The principal points urged by the appellant are that the trade-mark “Hudgens Permanent Wave Shop” is not one within the meaning of section 3196 of the Political Code, and that a trade-mark cannot be sold or assigned except in connection with the sale of the business in which it has been used. Appellant also contends that when she filed her notice of appeal from the order directing an assignment of the trade-mark, and when she delivered the assignment thereof to the receiver, further proceedings were stayed, and the receiver was without authority to make the sale and the court without jurisdiction to confirm it under the provisions of section 943 of the Code of Civil Procedure.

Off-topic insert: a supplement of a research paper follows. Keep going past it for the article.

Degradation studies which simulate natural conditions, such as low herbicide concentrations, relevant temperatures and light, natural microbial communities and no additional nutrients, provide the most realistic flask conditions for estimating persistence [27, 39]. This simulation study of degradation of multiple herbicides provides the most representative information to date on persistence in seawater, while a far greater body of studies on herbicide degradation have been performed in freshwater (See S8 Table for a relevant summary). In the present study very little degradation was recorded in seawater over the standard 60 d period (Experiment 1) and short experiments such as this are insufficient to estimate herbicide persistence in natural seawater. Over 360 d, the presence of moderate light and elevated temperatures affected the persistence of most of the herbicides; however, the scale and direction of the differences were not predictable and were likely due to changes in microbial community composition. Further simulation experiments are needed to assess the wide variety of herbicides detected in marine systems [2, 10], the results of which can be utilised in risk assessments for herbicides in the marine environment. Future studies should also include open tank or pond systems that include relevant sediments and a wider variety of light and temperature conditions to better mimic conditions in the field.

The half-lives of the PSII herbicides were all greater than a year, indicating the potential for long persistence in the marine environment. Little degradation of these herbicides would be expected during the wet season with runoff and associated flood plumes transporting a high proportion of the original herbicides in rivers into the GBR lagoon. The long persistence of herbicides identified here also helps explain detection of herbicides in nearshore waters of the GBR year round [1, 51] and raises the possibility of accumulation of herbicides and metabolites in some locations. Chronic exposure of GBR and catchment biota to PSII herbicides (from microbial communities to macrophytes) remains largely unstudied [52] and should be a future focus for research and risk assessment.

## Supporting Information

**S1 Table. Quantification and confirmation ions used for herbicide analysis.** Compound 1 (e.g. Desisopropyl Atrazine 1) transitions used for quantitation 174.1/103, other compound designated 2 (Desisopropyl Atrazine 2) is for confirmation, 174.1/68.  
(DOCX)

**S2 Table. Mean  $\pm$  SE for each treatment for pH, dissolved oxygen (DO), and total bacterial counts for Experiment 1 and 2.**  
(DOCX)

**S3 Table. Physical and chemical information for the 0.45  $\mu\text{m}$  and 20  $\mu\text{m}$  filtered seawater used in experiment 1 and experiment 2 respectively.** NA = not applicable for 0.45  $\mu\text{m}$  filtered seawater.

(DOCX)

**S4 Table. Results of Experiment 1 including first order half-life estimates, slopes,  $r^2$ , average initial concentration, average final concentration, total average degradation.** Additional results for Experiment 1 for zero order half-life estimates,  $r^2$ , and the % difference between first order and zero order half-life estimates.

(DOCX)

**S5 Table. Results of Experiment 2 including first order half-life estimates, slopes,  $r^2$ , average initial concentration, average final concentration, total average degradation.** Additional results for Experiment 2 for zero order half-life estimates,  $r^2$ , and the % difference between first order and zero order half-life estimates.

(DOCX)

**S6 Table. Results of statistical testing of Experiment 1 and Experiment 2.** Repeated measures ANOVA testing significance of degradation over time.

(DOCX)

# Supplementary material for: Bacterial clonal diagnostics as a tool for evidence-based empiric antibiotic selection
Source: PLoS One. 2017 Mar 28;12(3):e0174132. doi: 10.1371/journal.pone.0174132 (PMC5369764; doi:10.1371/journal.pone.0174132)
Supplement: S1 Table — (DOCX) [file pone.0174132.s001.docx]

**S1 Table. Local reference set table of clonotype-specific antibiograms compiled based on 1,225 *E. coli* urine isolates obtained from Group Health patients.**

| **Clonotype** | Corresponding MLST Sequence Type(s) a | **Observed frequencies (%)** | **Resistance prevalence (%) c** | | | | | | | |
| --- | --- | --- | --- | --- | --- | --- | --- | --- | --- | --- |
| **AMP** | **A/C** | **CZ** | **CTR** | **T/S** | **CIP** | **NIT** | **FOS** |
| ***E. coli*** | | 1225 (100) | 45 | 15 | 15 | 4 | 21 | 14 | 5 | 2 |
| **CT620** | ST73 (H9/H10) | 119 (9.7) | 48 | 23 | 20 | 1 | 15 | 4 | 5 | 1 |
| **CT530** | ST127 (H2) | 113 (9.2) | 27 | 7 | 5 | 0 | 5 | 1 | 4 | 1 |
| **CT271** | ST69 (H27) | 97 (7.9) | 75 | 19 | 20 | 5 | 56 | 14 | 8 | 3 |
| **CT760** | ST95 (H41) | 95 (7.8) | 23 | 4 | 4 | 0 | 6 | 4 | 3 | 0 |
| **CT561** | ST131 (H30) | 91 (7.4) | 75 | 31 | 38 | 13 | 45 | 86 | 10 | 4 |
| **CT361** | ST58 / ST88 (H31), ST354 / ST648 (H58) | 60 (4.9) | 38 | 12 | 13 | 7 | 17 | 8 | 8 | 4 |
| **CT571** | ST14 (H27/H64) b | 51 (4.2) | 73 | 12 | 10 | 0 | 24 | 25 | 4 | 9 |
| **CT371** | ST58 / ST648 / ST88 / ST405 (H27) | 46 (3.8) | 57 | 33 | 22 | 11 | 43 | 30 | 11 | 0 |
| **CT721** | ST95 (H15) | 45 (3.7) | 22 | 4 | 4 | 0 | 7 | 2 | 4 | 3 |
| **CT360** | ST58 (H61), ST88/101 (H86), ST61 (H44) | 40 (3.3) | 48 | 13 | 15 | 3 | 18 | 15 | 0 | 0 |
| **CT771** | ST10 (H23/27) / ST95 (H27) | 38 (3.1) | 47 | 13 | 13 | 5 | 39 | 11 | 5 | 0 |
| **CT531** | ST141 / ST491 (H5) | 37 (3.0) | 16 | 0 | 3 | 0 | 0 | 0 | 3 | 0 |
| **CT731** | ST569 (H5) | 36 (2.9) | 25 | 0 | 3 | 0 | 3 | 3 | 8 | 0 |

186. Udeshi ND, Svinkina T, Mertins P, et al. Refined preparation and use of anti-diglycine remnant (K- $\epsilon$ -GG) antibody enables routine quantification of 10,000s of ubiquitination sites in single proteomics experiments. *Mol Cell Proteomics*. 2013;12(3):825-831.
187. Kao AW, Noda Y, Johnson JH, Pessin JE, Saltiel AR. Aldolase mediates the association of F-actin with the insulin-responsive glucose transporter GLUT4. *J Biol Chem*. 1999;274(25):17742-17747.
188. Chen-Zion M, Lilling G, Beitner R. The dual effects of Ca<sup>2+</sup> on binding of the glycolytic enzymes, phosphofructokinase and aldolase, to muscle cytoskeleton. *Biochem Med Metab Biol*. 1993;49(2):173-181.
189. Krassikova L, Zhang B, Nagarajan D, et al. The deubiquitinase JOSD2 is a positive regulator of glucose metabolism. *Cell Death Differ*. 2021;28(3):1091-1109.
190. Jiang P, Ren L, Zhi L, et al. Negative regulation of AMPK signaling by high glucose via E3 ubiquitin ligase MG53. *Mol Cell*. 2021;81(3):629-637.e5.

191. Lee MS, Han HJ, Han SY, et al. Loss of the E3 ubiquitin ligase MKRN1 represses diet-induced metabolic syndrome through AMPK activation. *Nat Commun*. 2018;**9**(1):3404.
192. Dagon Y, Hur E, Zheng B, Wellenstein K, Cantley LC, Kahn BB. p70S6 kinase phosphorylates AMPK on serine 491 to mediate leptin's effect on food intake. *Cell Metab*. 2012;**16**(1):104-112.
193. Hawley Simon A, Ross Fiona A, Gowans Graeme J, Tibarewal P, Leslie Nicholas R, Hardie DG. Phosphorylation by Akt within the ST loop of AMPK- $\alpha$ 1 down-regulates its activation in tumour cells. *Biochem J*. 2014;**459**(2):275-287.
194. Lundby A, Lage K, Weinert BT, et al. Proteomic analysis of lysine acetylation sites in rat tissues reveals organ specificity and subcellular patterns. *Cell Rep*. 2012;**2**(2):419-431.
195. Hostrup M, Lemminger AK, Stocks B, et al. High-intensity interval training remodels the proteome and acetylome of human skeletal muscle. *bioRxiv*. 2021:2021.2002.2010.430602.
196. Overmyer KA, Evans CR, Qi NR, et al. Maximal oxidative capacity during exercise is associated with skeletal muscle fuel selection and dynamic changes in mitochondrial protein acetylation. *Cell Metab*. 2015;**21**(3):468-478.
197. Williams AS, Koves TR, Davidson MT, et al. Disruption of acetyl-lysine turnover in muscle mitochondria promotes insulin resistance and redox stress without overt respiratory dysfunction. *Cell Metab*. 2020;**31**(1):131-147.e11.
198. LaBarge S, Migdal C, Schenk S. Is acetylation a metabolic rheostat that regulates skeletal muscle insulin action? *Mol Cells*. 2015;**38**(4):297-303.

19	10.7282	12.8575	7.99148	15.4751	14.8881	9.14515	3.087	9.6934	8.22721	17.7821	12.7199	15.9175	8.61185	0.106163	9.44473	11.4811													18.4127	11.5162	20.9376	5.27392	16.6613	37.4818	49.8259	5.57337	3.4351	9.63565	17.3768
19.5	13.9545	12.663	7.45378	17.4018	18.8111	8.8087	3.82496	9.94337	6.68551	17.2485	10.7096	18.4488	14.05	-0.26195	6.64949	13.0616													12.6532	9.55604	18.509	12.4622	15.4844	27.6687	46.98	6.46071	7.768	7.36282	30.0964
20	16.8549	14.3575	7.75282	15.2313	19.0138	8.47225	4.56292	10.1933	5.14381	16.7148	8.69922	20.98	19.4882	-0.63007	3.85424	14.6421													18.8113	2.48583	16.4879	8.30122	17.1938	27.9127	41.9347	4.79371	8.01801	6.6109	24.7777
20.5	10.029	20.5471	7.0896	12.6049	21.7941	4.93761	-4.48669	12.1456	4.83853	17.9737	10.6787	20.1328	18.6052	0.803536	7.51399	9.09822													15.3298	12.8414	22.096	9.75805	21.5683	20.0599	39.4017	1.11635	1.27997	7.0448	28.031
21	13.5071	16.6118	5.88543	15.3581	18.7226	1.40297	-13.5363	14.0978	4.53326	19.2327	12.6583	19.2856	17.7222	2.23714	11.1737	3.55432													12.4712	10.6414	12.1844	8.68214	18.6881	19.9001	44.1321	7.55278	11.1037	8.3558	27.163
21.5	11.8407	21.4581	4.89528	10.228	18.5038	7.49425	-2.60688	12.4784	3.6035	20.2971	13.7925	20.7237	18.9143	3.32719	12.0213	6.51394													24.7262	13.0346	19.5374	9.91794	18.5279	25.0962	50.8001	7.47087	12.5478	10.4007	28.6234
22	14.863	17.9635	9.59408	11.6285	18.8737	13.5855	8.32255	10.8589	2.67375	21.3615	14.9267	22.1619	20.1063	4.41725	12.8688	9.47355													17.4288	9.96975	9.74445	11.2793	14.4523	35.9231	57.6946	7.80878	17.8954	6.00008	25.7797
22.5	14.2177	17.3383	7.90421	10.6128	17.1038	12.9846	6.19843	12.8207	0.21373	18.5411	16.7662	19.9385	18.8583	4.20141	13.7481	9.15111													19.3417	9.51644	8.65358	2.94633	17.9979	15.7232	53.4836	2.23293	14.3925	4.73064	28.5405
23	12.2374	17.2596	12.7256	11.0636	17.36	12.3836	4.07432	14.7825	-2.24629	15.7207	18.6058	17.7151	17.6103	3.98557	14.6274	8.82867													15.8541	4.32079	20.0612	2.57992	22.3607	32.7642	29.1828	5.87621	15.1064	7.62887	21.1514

The right to a trade-mark or a trade-name may be acquired without complying with the provisions of the Political Code. The recording provided for by this statute is only the means by which evidence that the trade-mark has been appropriated may be preserved. Under the facts in this case, it is unnecessary to decide whether or not the name is one which is of the kind provided for in the statute. It is admitted that it has been used by the Hudgens and their successors for a number of years to designate the business which was being conducted by them. Under such circumstances, a property right attaches to the name which the law recognizes and protects. Reid v. St. John, 68 Cal. App. 348, 229 P. 863. Originally the trade-mark which is the subject of this litigation was, presumably, a personal one, in that it indicated to the public that the personal care and skill of the Hudgens were exercised in producing the goods or rendering the services sold. By the sale of the business and the trade-mark the latter had become impersonal, indicating merely that the business was the same one which had for some time been carried on under that name. The general rule is that a personal trade-mark or trade-name is not assignable. “An exception to the general rule has, however, been made where the mark or name has been so employed as to be deprived of its personal nature and has come to indicate that the goods bearing it are of a certain standard, kind or quality or are made in a certain manner or after a certain formula.” 26 R. C. L. 865. The same exception should apply where services of a certain standard, kind, or quality are rendered, and the name under which such a business is conducted is properly transferable under section 993 of the Civil Code.